Newly elected Republican Assemblyman Scott Baugh acknowledged through his lawyer Wednesday that he personally returned in cash a $1,000 contribution from the husband of onetime Democratic challenger Laurie Campbell.
Baugh made the cash payment to the Campbells at his house, handing over a sealed envelope to them on the evening of Sept. 21, the day that Campbell entered the race, said Ron Brower, Baugh's lawyer. Brower said he was speaking for the assemblyman.
Brower said the legislator was unaware that the envelope, which had been given to him by campaign treasurer Dan Traxler, contained $1,000 in cash rather than a check.
A Sacramento judge ordered Campbell removed from the 67th Assembly District ballot a month before the election amid allegations that she was a "stealth candidate" recruited by GOP leaders seeking to siphon votes from Baugh's chief Democratic opponent, Linda Moulton-Patterson. Republican leaders and Baugh have repeatedly insisted that they had nothing to do with her candidacy.
It is illegal in California for a campaign to receive or make any payments in excess of $100 in cash, according to a spokesman for the Fair Political Practices Commission.
"Baugh does not know what's in [the envelope]," Brower said. "He does not think, ask or know, or pay any attention to the contents of the envelope."
Baugh (R-Huntington Beach) also acknowledged on Wednesday--through his lawyer--that he has known and been friends with the Campbells since 1987, when they lived in the same apartment complex in Sacramento. During the campaign, Baugh at first said he did not know Laurie Campbell, then indicated the two had a passing acquaintance through their church, Mariners in Newport Beach.
Robert Rinehart, a lawyer for Traxler, disputed Baugh's version of events.
"I have no information about whether [Traxler] places $1,000 in an envelope," Rinehart said. "My client obtained the funds in cash. He gave it to Mr. Baugh for the return to Mr. [Rick] Campbell. He got cash because Baugh told him to get cash."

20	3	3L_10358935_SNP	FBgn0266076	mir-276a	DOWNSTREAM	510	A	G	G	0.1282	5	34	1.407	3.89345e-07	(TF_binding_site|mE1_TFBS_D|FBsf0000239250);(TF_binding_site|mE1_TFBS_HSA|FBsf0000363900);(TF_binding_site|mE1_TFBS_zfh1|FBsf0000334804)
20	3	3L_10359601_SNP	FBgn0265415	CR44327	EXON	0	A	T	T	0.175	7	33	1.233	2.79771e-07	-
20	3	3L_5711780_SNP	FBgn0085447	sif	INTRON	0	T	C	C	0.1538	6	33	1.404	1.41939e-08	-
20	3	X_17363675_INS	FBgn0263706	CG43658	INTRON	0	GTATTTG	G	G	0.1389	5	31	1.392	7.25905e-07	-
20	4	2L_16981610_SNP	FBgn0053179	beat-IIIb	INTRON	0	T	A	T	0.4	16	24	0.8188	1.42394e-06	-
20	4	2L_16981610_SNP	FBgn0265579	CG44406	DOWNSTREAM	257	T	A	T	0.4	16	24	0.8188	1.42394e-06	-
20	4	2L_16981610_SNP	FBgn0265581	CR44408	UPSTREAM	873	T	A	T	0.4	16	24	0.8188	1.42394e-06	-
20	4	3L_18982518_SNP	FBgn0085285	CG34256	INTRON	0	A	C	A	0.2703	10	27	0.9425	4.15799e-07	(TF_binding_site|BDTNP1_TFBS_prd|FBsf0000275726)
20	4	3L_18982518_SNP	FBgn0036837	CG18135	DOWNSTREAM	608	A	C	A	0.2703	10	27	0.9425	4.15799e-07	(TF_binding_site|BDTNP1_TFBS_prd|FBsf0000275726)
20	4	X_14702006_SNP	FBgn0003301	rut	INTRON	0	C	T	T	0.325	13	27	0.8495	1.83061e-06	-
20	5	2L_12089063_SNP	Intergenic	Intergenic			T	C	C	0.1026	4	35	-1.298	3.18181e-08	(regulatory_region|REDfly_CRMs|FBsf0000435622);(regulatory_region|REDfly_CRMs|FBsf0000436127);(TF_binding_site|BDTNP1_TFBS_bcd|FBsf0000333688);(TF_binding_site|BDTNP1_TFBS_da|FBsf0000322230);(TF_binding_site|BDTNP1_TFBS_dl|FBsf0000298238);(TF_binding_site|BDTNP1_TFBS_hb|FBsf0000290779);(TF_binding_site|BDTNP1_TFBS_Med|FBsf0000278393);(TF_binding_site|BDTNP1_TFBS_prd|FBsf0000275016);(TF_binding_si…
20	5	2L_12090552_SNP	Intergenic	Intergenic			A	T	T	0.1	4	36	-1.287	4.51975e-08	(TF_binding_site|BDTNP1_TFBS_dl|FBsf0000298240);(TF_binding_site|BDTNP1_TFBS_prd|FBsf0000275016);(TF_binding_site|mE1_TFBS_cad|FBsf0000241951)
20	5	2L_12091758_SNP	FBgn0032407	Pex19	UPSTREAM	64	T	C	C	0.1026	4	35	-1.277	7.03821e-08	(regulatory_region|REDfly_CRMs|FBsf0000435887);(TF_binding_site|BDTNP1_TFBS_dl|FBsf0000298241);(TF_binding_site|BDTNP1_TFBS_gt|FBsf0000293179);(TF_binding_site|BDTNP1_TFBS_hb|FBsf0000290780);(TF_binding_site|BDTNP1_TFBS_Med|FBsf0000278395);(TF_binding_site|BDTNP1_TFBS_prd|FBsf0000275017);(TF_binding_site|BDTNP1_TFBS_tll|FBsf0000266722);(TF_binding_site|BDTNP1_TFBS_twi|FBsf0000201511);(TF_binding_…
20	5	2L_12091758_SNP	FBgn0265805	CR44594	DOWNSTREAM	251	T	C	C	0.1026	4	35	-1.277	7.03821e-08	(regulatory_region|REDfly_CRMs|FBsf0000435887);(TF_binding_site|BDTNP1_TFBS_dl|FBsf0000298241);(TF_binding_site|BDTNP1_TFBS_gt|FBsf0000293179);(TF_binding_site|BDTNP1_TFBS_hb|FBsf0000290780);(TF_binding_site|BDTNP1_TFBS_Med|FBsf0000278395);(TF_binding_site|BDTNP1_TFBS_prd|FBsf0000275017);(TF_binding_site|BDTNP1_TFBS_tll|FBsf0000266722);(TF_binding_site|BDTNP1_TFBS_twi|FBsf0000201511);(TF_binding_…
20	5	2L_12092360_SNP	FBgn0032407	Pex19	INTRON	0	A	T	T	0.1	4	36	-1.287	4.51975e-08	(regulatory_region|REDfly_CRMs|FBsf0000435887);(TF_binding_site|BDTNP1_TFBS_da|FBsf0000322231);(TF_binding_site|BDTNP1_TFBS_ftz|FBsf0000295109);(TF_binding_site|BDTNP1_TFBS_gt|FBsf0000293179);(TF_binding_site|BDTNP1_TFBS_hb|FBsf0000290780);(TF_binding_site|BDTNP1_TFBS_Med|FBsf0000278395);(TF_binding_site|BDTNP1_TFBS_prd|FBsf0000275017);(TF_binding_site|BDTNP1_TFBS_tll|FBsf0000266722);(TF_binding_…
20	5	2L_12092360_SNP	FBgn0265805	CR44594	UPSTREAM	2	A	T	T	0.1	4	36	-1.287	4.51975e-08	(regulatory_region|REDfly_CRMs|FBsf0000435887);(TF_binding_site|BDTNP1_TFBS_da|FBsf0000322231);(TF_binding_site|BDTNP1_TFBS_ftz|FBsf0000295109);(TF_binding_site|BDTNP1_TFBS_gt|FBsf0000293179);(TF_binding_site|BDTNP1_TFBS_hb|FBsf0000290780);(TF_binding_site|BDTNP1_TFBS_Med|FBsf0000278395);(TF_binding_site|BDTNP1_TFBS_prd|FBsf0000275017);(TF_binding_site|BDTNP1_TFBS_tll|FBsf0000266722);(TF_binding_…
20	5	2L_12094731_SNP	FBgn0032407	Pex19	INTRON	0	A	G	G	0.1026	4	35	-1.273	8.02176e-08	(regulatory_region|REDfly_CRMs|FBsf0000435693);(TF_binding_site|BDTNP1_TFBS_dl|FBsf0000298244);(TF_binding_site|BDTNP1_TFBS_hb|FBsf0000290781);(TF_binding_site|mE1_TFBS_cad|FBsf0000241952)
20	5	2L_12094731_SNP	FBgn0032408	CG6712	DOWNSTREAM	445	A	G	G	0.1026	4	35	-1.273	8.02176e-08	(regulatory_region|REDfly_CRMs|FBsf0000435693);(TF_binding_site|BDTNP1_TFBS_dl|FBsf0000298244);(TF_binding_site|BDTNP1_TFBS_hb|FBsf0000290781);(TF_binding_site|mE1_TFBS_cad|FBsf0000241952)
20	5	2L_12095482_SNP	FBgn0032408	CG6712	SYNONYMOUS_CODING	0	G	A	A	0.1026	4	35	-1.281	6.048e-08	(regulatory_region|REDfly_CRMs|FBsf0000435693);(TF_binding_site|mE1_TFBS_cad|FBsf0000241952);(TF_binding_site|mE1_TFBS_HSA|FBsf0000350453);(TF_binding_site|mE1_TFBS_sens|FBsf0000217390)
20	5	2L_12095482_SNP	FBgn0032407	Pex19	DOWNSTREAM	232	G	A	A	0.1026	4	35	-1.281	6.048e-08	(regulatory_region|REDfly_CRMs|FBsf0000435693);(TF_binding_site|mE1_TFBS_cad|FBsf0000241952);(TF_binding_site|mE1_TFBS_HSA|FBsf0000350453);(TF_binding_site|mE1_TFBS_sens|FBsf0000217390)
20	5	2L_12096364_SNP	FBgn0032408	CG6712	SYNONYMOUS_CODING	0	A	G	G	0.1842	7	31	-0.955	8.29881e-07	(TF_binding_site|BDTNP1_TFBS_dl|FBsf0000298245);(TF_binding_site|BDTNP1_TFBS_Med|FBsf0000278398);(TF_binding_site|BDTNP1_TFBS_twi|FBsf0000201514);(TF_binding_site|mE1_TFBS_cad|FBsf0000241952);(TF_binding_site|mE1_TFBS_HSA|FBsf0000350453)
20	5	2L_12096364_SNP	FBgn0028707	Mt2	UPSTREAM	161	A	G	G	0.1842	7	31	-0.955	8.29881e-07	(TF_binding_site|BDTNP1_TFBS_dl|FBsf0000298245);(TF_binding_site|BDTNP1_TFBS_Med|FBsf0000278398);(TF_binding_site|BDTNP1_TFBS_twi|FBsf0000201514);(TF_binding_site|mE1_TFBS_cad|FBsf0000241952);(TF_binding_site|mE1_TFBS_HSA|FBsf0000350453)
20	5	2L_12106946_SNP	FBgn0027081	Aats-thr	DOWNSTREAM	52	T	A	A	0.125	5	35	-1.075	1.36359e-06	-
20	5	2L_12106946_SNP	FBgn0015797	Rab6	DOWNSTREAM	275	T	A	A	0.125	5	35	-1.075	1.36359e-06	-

Baugh, previously a political unknown, launched his candidacy this summer in the recall campaign to replace Assemblywoman Doris Allen. He was backed by the recall campaign's honorary chairman, Rep. Dana Rohrabacher (R-Huntington Beach).
Relying on an aggressive and expensive mail campaign to woo absentee and high propensity voters, he also won three dozen key endorsements from leading Republicans officials, including Assembly GOP Leader Curt Pringle and Gov. Pete Wilson.
All the while, opponents charged he was hiding his links to Campbell.
Now, it is known:
* Baugh and Laurie Campbell worked at the same Sacramento law firm in 1987 and 1988.
* The two lived in the same Sacramento apartment complex.
* Rick Campbell gave the Baugh campaign $1,000 early in September.
* The contribution was returned in cash the evening of Sept. 21, the day Laurie Campbell filed her petitions and paid a $699 filing fee.
* The contribution was omitted from the campaign report filed Oct. 19.
* The contribution was omitted from the amendment of that campaign report, filed Nov. 6.
* The contribution was omitted from a campaign report filed Nov. 17.
* The contribution was reported Nov. 28, three hours before the polls closed and too late to affect the election.
The dispute between Traxler and Baugh over the return of the contribution is the backdrop for expected visits to the Orange County district attorney's office next week by Baugh and Traxler.
The district attorney's office is investigating Campbell's candidacy and Baugh's potential links to it. Campbell was removed from the ballot in October after a Sacramento Superior Court judge ruled that her nomination papers had been falsified. While she signed under oath that she had gathered nomination signatures, the judge found that she had not circulated them. The petitions had actually been circulated by two unidentified men, an investigation by The Times found.
Supervising Deputy Dist. Atty. Guy Ormes has also said the office is investigating Baugh's campaign disclosure statements.